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Post by aukepalmhof » Mon Aug 17, 2009 9:27 pm

She was built as a tanker in 1952 under yard no 122 by Uddevallavarvet at Uddevalla, Sweden for Trelleborgs Angf., Sweden.
21 April 1952 Launched under the name GLIMMINGEHUS.
Tonnage 10.328 gross, net 6.008, 16.230 dwt., dim. 525.5 x 64.3 x 38.3ft..
Powered by one diesel engine, manufactured by Masch. Augsburg-Nurnberg ?hp, speed 14 knots.
July 1952 completed.

1963 Sold to Liberian International Tpts. Inc., Liberia, renamed "WORLD INTERNATIONAL"
1968 Sold to A Halcoussis, Greece, renamed "MILTON IATRIDIS".

The following comes from the book Modern Shipping Disasters 1963-1987 by Norman Hooke.
The Greek motor tanker "MILTON IATRIDIS" disappeared from the face of the earth at the end of November 1969 together with all her 30 crewmembers.
She had originally sailed from Canvey Island terminal in the River Thames on October 26 having loaded 7.361 long tons of liquid caustic soda in bulk for discharging at Kwinana, Western Australia. The vessel then proceeded across the Atlantic to load a further cargo of 2.067 long tons of soya beans oil at Norfolk, Virginia, from where she sailed on November 7, and an additional 5.641 long tons of soya bean oil at New Orleans, from where she then sailed on November 14. This was all for discharging at Chittagong. With her route being via the Cape of Good Hope, her estimated date of arrival at Cape Town was given as about December 12 to 14. She reported her position by radio at 10 p.m. on November 24 to be lat. 9°N, long. 52°W which is north of French Guiana, with her last communication, also being by radio timed at 11 p.m. on November 28, when she was estimated to be in lat 2°S long. 37°W, which is northeast of Fortaleza, Brazil. An extensive air and sea search failed to find any trace of the vessel or her crew.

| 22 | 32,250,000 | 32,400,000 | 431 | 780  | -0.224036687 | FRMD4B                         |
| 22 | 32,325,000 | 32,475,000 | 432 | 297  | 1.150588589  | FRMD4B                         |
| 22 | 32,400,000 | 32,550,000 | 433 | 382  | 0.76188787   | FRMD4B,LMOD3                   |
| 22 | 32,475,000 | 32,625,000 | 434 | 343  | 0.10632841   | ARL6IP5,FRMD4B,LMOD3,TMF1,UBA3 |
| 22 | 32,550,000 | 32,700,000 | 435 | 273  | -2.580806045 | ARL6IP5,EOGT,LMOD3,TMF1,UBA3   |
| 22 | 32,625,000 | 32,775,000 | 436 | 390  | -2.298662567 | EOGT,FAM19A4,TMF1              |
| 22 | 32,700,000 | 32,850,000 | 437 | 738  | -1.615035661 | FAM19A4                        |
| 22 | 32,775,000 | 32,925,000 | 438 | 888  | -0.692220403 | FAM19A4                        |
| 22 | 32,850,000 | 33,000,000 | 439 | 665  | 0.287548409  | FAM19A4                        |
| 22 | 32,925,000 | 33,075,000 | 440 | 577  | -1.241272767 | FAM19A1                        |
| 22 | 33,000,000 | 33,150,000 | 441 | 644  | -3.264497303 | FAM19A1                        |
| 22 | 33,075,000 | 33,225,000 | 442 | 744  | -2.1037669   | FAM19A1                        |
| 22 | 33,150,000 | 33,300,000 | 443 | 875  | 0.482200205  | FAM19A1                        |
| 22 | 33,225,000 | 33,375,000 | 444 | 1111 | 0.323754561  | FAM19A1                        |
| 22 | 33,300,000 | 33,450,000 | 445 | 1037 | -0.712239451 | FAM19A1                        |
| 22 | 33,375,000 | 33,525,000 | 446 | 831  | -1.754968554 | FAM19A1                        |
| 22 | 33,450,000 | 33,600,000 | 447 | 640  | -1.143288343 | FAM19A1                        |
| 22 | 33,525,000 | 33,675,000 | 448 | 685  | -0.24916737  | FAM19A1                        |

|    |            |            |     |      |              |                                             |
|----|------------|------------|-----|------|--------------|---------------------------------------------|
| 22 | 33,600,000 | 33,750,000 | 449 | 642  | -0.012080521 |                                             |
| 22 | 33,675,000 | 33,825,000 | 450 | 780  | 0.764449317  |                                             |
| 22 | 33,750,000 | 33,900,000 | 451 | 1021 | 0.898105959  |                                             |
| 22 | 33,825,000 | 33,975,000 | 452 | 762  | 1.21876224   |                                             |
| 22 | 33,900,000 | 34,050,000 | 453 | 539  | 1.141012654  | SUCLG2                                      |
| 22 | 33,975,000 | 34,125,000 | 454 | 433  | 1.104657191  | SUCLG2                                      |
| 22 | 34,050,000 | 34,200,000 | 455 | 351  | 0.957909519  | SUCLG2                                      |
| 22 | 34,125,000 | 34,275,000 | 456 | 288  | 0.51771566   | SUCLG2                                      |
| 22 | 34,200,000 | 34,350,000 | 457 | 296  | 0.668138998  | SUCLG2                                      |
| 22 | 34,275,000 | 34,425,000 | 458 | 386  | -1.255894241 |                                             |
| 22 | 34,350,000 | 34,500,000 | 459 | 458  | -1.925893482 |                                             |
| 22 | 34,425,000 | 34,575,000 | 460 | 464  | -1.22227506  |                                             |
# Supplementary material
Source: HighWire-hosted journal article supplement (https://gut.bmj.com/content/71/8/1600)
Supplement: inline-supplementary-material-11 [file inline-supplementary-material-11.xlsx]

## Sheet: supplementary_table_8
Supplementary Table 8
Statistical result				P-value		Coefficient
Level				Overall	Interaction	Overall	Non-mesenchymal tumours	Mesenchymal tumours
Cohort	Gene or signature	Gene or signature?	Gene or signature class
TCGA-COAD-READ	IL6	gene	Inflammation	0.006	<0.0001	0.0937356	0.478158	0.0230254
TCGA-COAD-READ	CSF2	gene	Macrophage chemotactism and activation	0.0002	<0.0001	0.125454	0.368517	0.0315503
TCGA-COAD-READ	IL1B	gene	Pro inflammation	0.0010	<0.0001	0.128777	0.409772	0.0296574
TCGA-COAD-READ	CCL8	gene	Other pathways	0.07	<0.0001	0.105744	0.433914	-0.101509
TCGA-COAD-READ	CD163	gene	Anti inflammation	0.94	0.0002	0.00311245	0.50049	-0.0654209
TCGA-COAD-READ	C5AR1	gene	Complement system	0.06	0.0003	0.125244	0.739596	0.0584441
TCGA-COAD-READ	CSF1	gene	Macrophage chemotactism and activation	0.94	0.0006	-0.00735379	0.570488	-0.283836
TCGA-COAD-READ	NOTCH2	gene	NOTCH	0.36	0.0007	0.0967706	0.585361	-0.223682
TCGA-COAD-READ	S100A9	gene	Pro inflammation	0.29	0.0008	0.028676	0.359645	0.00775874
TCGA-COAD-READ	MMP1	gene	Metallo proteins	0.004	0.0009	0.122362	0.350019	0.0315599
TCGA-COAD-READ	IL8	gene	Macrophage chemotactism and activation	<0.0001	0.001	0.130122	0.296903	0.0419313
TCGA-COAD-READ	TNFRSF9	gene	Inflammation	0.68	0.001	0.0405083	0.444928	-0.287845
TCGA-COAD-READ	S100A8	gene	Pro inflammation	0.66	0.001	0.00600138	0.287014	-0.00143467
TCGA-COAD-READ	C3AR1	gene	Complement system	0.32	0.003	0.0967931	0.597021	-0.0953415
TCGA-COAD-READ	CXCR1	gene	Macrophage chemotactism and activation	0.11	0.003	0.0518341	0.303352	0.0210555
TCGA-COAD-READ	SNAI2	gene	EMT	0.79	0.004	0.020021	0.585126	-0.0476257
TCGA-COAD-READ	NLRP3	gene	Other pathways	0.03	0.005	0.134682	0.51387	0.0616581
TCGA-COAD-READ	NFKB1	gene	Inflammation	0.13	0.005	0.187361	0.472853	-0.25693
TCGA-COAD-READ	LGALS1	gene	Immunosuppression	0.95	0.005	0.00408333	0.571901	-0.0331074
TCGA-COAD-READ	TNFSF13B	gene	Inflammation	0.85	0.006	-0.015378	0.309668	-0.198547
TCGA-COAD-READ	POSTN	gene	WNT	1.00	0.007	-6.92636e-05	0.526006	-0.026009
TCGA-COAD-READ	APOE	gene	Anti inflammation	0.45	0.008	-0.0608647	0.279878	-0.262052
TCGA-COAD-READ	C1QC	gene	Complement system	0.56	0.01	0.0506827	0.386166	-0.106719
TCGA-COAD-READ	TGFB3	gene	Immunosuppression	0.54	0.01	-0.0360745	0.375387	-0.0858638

The "MILTON IATRIDIS" was posted at Lloyd's as a missing vessel on April 1, 1970.
Various theories were put forward as to the actual cause of the loss of the "MILTON IATRIDIS", including the possibility that the corrosive action of her caustic soda cargo may have been a contributory factor in respect of the aluminium heating coils contained on board, but as no positive evidence was ever found the case of the disappearance of this vessel remains one of the mysteries of the sea.

Maldives 2001 RF5 sg?, scott? (The name given on the stamp as MILTON IATRIDES is wrong)

Source: Register of Merchant Ships Completed in 1952.

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